Each of our fabulous suites here at 100 Queen's Gate Hotel is named after a famous resident of the Royal Borough of Kensington and Chelsea. One such is the AA Milne Suite, a one-bedroom suite named after the English author of the Winnie The Pooh books.
Born in Kilburn, London in 1882, Milne lived and attended school in north London (briefly being taught by novelist HG Wells, who wrote War of the Worlds) before moving to Westminster School and subsequently taking up a mathematics scholarship at Trinity College, Cambridge. He joined the British Army in World War I, serving as an officer in the Royal Warwickshire Regiment and was injured in the Battle of the Somme in 1916 and subsequently invalided back to England. There, he was recruited into Military Intelligence to write propaganda articles for M17, a branch of the British War Office’s Directorate of Military Intelligence, over the next two years before being discharged in 1919 and settling at 13 Mallord Street, just off Chelsea’s King’s Road. Milne and his wife Daphne also had a country home in Sussex but Mallord Street was their principal base until 1940, and it was here that their son Christopher Robin was born. Milne served again during World War II as captain in the British Home Guard. Following a stroke and brain surgery in 1952, his health deteriorated and he passed away in 1956, aged 74.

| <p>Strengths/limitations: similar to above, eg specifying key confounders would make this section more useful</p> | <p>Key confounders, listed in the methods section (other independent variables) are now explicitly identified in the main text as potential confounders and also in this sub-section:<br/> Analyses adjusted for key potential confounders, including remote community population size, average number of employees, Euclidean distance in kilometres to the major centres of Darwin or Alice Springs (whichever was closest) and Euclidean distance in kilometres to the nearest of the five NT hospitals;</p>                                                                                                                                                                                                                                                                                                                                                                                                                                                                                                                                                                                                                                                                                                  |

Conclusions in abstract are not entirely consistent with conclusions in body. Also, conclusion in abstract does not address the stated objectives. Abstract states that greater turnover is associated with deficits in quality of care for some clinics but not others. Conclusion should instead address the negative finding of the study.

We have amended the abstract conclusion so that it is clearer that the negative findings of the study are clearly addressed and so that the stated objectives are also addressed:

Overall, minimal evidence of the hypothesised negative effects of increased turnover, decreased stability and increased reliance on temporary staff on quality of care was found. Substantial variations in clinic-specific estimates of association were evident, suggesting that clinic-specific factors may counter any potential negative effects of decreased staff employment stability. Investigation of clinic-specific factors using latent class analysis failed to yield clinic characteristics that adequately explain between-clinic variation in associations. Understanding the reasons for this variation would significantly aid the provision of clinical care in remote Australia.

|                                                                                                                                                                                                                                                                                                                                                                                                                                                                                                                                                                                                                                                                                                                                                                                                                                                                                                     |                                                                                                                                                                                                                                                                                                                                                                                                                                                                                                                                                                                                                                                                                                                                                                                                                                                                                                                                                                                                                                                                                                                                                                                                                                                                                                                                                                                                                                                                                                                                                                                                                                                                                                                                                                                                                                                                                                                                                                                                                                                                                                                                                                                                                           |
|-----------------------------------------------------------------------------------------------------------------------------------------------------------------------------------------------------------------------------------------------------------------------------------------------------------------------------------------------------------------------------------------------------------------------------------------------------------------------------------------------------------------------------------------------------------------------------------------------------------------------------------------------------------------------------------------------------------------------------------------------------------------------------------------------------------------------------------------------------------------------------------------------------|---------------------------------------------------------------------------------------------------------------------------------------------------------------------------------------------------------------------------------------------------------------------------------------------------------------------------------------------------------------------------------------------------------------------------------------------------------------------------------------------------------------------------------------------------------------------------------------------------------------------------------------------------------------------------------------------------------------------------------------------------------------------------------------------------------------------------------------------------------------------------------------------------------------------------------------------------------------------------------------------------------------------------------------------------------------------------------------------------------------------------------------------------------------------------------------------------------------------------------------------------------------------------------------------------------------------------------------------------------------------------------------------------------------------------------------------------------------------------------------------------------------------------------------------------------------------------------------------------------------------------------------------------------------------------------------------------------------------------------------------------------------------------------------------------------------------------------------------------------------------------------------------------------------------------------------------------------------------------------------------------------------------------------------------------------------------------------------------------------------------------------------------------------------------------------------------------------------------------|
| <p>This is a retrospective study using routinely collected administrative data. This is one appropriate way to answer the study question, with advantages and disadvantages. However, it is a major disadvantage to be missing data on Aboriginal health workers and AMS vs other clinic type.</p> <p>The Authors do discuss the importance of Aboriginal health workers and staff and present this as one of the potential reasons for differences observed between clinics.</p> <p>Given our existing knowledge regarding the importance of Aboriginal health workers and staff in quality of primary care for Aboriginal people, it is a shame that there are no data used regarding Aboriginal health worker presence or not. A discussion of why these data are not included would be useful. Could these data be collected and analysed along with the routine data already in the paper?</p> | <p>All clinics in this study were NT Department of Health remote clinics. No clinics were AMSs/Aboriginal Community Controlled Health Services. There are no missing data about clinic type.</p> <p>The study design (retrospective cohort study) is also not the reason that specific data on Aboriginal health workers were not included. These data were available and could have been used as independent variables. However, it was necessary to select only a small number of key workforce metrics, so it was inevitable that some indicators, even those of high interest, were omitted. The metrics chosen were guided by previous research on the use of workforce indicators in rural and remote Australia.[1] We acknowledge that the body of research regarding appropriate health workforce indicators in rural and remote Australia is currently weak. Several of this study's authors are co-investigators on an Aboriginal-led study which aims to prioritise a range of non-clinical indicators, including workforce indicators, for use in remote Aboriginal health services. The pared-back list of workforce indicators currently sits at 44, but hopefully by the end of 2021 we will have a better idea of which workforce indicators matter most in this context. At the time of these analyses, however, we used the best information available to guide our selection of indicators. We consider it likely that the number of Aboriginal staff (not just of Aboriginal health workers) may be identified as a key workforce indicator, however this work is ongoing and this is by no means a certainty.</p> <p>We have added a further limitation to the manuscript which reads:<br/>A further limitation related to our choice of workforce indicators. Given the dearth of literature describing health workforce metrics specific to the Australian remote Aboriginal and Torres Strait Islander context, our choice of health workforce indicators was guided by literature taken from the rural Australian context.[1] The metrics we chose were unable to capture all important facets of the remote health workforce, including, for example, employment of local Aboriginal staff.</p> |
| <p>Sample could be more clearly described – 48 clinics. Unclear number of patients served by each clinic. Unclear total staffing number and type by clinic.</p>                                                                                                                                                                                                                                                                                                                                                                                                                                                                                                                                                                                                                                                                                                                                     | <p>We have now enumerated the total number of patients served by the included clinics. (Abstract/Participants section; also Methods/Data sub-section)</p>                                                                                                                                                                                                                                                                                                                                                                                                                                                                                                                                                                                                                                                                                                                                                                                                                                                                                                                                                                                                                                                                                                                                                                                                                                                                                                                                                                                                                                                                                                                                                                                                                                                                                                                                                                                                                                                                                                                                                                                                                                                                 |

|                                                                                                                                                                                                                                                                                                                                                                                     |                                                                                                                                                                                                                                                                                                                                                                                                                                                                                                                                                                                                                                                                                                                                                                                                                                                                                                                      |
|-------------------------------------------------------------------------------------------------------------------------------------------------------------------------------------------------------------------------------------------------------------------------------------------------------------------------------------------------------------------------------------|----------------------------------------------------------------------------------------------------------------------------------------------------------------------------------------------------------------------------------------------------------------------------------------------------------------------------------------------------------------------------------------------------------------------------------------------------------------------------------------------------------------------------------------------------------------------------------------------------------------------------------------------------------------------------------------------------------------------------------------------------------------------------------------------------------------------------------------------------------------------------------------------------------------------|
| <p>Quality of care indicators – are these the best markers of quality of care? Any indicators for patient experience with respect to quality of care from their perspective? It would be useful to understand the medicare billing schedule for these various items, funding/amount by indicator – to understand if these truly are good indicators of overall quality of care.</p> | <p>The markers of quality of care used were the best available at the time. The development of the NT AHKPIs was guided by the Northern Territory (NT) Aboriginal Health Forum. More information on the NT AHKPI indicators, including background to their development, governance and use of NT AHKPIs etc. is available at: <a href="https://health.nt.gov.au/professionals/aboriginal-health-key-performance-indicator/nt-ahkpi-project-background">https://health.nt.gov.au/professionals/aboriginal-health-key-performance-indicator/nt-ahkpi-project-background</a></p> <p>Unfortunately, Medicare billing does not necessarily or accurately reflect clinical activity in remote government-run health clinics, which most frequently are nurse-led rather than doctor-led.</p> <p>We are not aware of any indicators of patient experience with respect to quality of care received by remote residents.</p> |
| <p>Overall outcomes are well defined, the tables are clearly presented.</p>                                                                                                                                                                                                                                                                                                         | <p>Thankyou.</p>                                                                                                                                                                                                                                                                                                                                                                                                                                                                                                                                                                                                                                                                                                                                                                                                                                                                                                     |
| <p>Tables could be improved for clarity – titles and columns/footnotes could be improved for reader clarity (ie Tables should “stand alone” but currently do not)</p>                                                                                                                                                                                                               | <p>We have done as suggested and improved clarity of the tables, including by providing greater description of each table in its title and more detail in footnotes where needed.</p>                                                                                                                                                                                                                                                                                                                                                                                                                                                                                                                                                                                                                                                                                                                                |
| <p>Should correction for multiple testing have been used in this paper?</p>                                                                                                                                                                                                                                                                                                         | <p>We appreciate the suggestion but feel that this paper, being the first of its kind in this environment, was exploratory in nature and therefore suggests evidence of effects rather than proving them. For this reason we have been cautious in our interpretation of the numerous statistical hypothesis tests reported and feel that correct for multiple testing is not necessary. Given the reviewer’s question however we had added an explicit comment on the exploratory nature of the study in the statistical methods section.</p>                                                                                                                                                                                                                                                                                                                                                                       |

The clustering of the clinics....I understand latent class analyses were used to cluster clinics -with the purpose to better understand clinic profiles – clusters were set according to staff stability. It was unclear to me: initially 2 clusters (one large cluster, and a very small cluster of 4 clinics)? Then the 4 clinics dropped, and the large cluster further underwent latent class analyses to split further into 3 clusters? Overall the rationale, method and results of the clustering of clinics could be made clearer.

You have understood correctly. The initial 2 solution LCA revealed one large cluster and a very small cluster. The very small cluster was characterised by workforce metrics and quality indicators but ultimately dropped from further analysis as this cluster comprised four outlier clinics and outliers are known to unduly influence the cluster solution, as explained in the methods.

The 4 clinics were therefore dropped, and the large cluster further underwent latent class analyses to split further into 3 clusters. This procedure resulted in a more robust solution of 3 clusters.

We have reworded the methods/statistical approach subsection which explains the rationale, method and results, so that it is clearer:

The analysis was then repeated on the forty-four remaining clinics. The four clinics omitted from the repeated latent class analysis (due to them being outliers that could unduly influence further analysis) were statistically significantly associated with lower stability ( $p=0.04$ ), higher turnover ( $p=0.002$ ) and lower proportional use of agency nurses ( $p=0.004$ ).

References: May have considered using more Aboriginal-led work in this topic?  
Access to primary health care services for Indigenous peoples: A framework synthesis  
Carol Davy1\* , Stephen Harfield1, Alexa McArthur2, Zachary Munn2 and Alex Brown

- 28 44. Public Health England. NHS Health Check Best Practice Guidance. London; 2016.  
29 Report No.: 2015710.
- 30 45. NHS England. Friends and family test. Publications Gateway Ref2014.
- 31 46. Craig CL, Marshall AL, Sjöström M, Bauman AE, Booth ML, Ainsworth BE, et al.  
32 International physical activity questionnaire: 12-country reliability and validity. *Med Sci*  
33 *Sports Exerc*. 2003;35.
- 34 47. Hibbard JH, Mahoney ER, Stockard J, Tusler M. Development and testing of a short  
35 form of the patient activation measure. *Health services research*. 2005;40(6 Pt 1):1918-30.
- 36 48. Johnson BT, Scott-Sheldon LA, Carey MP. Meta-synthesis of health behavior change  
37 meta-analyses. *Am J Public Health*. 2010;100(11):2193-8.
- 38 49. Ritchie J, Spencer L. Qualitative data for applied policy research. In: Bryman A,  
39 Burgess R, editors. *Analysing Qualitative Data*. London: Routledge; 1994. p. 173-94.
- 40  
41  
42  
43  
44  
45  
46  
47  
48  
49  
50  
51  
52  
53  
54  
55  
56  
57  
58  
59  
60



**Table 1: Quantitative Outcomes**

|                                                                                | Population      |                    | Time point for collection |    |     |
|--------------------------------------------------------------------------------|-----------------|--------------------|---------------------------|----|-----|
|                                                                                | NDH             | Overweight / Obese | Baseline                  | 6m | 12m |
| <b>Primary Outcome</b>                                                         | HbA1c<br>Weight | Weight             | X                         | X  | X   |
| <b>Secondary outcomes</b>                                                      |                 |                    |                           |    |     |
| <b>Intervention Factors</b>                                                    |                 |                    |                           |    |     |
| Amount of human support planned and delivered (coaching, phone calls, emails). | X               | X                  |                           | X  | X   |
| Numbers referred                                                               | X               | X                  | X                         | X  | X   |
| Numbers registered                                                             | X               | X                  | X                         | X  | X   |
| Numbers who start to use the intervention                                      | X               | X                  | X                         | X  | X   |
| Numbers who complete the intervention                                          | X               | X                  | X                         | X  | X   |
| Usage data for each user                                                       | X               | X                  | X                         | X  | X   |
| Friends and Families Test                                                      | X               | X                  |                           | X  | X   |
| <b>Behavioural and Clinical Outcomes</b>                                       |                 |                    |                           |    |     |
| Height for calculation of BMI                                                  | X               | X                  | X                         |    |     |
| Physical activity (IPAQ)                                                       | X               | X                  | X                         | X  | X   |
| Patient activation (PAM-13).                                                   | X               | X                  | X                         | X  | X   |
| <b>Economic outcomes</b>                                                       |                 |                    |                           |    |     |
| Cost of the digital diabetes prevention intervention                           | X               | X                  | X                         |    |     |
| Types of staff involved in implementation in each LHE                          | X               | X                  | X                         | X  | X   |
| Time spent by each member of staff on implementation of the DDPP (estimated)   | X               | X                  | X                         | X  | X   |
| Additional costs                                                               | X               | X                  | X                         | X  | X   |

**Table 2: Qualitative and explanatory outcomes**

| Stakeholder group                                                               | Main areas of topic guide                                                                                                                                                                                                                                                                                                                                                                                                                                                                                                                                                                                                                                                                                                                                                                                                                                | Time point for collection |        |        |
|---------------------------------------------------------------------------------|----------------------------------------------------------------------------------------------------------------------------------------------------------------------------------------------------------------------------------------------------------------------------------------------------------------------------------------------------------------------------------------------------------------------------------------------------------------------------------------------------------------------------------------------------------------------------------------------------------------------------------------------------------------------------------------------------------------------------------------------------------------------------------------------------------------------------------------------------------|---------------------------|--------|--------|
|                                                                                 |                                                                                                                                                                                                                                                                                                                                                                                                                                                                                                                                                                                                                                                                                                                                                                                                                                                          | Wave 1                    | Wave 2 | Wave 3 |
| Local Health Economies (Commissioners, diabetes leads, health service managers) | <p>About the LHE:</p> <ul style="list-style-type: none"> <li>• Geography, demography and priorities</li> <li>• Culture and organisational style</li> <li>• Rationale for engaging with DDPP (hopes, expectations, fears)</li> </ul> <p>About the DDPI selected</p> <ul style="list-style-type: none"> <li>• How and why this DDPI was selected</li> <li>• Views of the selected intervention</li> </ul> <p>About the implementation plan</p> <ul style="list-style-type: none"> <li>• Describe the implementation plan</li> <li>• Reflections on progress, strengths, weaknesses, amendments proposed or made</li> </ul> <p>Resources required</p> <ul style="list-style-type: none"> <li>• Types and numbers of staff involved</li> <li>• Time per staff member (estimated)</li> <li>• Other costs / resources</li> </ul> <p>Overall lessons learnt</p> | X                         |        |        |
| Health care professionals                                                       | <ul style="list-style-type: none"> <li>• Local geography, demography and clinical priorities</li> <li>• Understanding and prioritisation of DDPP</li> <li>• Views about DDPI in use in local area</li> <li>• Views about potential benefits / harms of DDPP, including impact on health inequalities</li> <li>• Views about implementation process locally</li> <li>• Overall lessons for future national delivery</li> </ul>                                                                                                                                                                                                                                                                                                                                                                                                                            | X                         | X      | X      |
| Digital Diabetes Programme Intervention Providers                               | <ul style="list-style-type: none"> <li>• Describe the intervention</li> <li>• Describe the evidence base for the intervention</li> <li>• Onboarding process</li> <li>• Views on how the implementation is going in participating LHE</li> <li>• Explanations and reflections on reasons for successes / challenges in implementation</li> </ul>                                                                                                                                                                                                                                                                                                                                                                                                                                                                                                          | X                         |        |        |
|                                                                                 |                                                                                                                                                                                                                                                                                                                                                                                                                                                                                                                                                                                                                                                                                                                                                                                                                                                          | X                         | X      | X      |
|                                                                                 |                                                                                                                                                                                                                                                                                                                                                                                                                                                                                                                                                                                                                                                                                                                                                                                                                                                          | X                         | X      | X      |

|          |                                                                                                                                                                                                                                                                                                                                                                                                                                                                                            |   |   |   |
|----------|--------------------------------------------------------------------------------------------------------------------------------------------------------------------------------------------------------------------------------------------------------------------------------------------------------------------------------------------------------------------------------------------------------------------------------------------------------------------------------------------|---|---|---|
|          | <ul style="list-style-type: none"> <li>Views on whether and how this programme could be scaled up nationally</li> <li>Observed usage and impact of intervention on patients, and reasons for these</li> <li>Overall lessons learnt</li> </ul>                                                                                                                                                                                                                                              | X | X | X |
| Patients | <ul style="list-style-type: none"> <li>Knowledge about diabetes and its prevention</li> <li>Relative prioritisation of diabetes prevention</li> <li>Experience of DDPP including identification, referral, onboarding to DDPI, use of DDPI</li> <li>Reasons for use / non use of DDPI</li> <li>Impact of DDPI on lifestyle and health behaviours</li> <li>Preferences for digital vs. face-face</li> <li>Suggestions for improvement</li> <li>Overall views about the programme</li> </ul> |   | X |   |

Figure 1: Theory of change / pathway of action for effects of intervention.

Milne’s time in Mallord Street was arguably one of the most important periods of his life, with his son Christopher Robin’s birth inspiring the story of Winnie the Pooh, which he penned during his years in the Royal Borough. It was his son’s stuffed animals that provided the basis for various characters in the story – Winnie the Pooh himself was inspired by a toy bear purchased from Harrods in Kensington, named after a real bear in London Zoo. The bear became a favourite of Christopher Robin when he visited the zoo, and he changed the name of his toy bear from Edward to Winnie.
Described by Milne as ‘the prettiest little house in London’, 13 Mallord Street is said to have found it thrilling to live in a house that had ‘an outside personality as well as an inside one’. His presence in the neighbourhood was marked with the instalment of a blue plaque above the front door of the property, celebrating his time spent in this small corner of west London and a mere 10-minute walk from the hotel.